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From Artёm Basov <basov.ar...@gmail.com>
Subject Re: Async Service proxy
Date Tue, 11 Jul 2017 12:31:46 GMT
Thank again, Val

I have got the answer, but will write more info about our use-case, since it
might be useful for someone in the future.

We need to return value, but it will take some time (seconds, minutes) to
process those requests. The IgniteServices gives us decoupling from
knowledge about concrete implementations of MyService (see below). Here is
how we currently use it:

private void service(Job job) {
        List<Response> responses = ignite.services().serviceDescriptors()
                .stream()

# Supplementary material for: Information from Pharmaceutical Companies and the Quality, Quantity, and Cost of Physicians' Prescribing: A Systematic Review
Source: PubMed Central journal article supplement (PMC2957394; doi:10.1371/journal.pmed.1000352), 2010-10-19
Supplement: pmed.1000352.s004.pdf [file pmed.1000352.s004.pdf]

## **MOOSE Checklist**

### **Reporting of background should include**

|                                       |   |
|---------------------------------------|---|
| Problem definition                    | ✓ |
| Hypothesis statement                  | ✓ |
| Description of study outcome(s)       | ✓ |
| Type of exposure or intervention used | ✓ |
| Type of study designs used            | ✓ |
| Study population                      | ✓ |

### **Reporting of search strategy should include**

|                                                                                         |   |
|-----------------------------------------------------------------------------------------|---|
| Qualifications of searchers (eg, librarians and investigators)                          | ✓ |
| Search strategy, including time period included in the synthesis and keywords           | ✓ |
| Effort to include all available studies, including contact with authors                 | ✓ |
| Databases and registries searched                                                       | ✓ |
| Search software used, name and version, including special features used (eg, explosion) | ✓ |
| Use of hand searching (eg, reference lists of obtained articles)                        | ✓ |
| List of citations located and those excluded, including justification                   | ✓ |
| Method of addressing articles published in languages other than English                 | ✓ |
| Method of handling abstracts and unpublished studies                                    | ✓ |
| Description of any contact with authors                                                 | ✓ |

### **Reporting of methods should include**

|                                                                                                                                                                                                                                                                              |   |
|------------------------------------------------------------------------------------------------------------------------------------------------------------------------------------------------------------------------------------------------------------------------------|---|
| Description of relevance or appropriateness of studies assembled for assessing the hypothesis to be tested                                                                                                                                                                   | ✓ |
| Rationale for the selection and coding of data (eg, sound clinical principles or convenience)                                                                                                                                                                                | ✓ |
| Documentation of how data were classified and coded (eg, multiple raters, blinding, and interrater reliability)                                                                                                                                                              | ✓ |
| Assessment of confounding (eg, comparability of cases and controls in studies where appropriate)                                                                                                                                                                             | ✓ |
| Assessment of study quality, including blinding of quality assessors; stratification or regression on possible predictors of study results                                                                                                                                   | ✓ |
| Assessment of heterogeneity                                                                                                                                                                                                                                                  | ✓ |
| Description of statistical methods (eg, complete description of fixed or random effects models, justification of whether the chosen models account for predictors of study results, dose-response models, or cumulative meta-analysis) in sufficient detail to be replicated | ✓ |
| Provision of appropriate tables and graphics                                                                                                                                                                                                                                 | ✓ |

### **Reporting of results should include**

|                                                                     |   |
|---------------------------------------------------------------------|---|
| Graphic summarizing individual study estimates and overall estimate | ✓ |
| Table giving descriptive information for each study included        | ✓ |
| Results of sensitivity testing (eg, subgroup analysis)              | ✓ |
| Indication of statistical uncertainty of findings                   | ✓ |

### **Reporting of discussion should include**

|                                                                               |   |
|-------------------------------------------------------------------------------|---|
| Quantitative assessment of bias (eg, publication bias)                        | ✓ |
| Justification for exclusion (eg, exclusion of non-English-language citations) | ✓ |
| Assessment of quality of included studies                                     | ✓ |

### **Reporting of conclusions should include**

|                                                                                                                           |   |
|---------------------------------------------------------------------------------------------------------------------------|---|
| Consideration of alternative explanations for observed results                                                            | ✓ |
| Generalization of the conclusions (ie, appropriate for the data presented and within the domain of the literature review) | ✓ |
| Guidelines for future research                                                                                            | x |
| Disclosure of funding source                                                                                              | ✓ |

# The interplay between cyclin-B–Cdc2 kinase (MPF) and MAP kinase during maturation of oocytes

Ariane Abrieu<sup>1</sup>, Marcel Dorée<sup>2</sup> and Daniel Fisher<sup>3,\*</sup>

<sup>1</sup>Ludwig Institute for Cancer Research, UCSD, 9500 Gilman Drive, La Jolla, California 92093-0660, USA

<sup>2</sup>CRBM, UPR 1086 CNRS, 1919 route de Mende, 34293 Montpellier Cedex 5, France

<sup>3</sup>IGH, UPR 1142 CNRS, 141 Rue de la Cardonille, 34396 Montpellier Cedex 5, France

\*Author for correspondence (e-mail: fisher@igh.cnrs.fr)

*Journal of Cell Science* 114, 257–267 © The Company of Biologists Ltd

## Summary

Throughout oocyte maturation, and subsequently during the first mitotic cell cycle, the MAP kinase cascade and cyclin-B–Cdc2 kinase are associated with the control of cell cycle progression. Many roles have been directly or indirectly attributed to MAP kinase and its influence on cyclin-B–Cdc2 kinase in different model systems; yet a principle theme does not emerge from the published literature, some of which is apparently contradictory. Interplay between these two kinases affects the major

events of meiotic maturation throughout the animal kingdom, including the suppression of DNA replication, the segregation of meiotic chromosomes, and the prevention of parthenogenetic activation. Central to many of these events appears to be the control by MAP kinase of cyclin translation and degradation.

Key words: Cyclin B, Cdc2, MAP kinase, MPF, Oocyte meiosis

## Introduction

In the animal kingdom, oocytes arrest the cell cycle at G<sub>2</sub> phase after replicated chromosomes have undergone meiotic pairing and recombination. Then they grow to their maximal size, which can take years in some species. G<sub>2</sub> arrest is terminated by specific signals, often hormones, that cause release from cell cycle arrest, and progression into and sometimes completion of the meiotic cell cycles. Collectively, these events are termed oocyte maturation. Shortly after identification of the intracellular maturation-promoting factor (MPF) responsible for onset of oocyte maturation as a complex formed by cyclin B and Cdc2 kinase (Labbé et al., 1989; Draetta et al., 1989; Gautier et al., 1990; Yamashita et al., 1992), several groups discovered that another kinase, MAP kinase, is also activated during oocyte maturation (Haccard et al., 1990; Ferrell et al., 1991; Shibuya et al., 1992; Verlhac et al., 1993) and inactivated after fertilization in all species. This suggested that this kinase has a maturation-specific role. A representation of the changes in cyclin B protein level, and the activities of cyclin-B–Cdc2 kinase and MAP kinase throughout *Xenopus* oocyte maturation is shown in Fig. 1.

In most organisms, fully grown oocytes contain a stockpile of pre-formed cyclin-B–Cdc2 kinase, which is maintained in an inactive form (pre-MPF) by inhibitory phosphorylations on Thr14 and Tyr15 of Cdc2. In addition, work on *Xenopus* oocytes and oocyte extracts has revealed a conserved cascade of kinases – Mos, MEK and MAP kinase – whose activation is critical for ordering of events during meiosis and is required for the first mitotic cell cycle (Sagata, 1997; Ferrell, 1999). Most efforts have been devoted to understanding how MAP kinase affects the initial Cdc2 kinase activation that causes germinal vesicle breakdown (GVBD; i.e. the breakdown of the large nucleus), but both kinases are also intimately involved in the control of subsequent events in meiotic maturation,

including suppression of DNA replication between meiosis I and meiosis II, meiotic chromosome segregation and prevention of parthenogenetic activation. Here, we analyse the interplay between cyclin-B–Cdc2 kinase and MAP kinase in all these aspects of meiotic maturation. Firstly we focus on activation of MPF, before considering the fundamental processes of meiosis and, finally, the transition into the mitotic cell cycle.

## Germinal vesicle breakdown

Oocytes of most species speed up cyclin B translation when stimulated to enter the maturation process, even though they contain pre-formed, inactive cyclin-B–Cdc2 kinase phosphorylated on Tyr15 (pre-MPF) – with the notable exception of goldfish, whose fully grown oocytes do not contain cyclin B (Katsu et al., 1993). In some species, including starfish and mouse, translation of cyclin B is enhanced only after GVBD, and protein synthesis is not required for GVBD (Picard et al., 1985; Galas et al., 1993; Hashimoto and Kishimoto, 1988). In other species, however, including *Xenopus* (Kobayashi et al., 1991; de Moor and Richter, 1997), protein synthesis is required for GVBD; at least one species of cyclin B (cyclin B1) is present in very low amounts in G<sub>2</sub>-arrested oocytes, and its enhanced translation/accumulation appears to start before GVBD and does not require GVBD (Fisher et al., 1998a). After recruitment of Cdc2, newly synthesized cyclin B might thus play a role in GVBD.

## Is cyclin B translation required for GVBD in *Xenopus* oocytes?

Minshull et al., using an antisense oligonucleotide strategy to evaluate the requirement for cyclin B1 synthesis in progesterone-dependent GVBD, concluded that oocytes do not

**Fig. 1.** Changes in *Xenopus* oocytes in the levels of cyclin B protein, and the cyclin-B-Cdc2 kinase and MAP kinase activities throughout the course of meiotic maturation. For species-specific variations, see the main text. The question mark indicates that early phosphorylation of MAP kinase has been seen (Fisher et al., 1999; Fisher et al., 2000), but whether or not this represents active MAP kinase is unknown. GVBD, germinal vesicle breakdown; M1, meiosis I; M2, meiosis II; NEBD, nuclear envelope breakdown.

.filter(sd ->
MyService.class.isAssignableFrom(sd.serviceClass()))
                .map(sd ->
ignite.services().<MyService>serviceProxy(sd.name(), MyService.class,
false))
                .map(service -> service.service(job))
                .collect(Collectors.toList());
    // processing of request
}

Response, MyService just common interfaces which any new Plugin might
implement and start it's own ignite node.
Is it valid usage of the API ?

In this example, we pretty much blocked in service.service(job) for whole
duration of processing. This means. that we should decouple that code from
producer of the jobs. So it's either our own ThreadPool or Ignite's services
pool. Since there is no way to utilize Ignite pool, we either should
introduce our own or use IgniteCompute.

With IgniteCompute we will have to somehow reproduce the ServiceDeployments
thing, since broadcast() is too much (we want only 1 service instance to be
processing this job).

Thanks for your time!



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